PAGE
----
[Battle of Manila Essay]

By Danielle Tamara Fabella
2nd Prize Winner, Battle of Manila Essay Writing Contest 2019

 

I grew up not having been exposed to much of Filipino history, and, despite having a grandmother who served as a field nurse during the war, knew little of what happened during the Battle of Manila and this period of our history in general. My knowledge of what happened in Manila at this time was limited to cursory details, such as that the Japanese had invaded Manila during World War II and that Manila, specifically Fort Santiago in Intramuros, was the site of particular devastation. I knew that the Japanese seemed to feel a sense of remorse toward the Filipinos and few Filipinos who had lived through this period harbored anger toward the Japanese. The gravity of what happened in Manila was something I had not properly taken the time to truly understand.

Listening to James Scott’s lecture at the University of the Philippines Diliman last February 12, 2019, reinforced what I had previously known about the Battle of Manila, but emphasized it in greater, ruthless detail. My main takeaway from his lecture was not just how high the death toll was during the battle, but how brutally this toll was extracted. Professor Scott spent the majority of his lecture recounting the multiple atrocities the Japanese committed upon the denizens of Manila, reading almost like exaggerated fiction because of how truly depraved and inhuman these acts committed were. Living a sheltered life growing up made it hard for me and likely many of the students present during the lecture to comprehend the idea of mass beheadings and the indiscriminate killings of the old and young alike, and I believe this is a testament to the importance of holding lectures like these in universities, where the youth would otherwise not have the chance to learn in detail about these periods of our history outside of the context of assigned readings and classroom discussions.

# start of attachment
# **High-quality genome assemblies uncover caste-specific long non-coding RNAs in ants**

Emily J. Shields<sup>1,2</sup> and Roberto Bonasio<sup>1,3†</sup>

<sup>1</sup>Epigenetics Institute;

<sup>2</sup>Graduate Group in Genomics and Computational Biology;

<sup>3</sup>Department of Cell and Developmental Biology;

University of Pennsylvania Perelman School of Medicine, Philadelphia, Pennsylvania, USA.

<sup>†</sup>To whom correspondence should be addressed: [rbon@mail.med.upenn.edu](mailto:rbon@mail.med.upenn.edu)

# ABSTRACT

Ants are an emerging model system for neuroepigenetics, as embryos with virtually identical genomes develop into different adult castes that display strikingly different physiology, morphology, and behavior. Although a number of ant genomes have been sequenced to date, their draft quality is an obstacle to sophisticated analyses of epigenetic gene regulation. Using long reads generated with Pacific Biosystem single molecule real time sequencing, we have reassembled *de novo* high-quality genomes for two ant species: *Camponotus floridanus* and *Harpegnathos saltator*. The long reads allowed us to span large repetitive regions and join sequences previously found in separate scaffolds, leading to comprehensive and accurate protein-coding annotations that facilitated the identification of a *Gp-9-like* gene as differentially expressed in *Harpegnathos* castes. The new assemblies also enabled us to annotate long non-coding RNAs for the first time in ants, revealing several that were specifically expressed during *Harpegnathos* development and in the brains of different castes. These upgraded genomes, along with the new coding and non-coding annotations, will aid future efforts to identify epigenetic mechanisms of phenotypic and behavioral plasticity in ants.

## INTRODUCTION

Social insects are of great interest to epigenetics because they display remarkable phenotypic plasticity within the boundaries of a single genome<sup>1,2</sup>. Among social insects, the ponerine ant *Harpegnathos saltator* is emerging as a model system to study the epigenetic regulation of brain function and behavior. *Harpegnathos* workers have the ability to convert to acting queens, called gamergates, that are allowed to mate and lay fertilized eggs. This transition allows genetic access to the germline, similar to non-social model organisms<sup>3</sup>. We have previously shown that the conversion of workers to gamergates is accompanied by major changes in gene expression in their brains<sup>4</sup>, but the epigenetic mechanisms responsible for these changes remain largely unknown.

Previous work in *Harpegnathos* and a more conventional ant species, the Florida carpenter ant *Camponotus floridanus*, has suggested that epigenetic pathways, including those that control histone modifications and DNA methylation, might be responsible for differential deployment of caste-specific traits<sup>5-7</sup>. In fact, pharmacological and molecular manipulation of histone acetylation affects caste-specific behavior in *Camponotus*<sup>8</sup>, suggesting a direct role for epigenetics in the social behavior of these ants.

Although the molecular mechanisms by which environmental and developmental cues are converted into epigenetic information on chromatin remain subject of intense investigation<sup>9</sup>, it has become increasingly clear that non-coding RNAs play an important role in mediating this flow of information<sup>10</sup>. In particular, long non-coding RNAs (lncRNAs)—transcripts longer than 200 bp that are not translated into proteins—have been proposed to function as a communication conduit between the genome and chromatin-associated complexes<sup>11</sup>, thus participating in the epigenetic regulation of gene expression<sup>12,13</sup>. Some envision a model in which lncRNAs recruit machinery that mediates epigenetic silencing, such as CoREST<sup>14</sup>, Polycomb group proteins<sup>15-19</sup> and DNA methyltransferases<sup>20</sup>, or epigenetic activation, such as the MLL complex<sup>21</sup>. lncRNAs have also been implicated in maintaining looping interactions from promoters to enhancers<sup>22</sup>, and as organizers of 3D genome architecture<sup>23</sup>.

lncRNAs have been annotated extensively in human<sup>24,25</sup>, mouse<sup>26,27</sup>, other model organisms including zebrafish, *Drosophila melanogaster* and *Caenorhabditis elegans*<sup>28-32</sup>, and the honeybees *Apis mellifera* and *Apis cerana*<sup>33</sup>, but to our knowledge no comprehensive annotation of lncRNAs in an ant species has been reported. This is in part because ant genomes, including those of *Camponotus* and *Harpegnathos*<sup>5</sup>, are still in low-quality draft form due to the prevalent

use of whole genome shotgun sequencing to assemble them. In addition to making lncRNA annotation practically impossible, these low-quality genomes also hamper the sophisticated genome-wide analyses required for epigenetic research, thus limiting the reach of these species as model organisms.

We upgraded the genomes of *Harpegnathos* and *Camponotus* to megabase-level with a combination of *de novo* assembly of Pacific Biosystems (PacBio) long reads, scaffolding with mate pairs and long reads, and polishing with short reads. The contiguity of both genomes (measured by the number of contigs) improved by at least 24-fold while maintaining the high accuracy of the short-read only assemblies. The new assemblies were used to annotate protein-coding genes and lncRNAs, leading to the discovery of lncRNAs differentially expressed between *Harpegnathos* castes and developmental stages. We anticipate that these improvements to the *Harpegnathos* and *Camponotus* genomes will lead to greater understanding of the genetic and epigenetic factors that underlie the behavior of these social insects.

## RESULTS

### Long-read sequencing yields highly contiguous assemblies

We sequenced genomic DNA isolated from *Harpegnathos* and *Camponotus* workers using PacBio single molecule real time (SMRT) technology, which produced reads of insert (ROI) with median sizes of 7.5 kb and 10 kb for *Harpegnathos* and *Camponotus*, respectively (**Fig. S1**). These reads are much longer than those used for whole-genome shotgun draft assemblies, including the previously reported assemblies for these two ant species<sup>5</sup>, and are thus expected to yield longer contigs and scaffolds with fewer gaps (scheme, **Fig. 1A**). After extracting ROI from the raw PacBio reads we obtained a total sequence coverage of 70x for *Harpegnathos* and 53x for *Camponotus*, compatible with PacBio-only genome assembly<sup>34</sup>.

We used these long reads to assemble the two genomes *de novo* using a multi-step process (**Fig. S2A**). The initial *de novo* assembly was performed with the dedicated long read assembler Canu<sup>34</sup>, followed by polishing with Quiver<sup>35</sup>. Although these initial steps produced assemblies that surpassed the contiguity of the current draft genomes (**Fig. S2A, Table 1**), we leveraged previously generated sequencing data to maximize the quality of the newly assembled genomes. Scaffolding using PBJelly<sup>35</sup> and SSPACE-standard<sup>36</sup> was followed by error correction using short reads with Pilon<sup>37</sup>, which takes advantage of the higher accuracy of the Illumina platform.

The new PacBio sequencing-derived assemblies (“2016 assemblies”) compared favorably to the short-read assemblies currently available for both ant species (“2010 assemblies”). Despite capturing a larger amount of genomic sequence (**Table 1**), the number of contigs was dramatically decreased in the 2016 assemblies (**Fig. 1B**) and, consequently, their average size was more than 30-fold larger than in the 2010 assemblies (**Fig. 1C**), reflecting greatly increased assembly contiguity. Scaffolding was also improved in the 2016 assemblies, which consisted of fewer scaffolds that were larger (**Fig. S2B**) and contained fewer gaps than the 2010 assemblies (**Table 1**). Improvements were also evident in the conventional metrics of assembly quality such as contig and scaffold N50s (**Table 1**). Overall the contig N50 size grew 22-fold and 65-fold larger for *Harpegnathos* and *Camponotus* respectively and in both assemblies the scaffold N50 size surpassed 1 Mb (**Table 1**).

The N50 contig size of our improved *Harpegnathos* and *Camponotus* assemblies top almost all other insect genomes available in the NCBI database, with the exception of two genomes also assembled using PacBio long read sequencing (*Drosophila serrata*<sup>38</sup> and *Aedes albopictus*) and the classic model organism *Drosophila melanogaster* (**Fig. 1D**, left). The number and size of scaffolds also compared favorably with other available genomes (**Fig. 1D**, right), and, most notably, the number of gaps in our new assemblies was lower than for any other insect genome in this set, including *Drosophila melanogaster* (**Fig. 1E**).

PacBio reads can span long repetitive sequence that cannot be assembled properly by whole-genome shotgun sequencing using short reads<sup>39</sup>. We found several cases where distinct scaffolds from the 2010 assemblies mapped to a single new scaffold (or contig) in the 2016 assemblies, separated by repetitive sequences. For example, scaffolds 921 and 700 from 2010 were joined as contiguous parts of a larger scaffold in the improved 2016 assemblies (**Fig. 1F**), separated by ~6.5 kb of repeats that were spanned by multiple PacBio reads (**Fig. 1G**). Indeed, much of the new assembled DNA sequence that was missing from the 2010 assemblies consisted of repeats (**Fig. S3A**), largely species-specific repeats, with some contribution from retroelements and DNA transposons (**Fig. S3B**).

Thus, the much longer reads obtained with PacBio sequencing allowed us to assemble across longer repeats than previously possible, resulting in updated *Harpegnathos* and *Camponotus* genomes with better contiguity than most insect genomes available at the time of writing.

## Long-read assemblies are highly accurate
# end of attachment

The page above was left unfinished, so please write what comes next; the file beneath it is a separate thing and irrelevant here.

The relevance of the Battle of Manila in the wider scope of Philippine history cannot be understated, as it remains the bloody climax to centuries of colonization and oppression. This devastating period saw an incomparable loss of cultural, social, economic, and especially human capital that is still undoubtedly felt today. The Philippines lost so much during that battle that, despite the restoration efforts that would follow, it would still never get back. The Battle of Manila serves as a stark reminder of the Manila that we once and could still have had today.

In the more general context of the ethical lessons we learn from history itself, the battle exemplifies the true destructive and often aimless impact of war, both to its environment and to the people caught in the crossfires. Professor Scott described how the destruction wrought from the fighting came from both the Japanese and the Americans, who were supposedly there with the goal to liberate Manila. Such a lesson is particularly relevant today, where the number of people living throughout Metro Manila has reached an unprecedented high. If an event were to happen that would reach even half of the devastation of the Battle of Manila, the expected death toll would be inconceivable.

Allowing future generations to forget what happened during the Battle of Manila would be a crime against all the lives that were lost and would be a crime against our history as a whole. We are all accountable to the victims of the month-long battle to preserve their memories and safeguard against any political circumstance that could trigger such an event to happen again.

As a Fine Arts student, I am constantly reminded in my studies of Philippine art history of the artworks and cultural milestones that were lost during the war. I feel the relevance of the Battle of Manila as a reminder of how I can use my abilities as an artist to document and preserve history. In today’s fast-paced social media-based climate, preservation is invaluable, and studying about and revisiting the Battle of Manila, whether through books or lectures like Professor Scott’s, can prevent these crucial periods from becoming forgotten historical footnotes.

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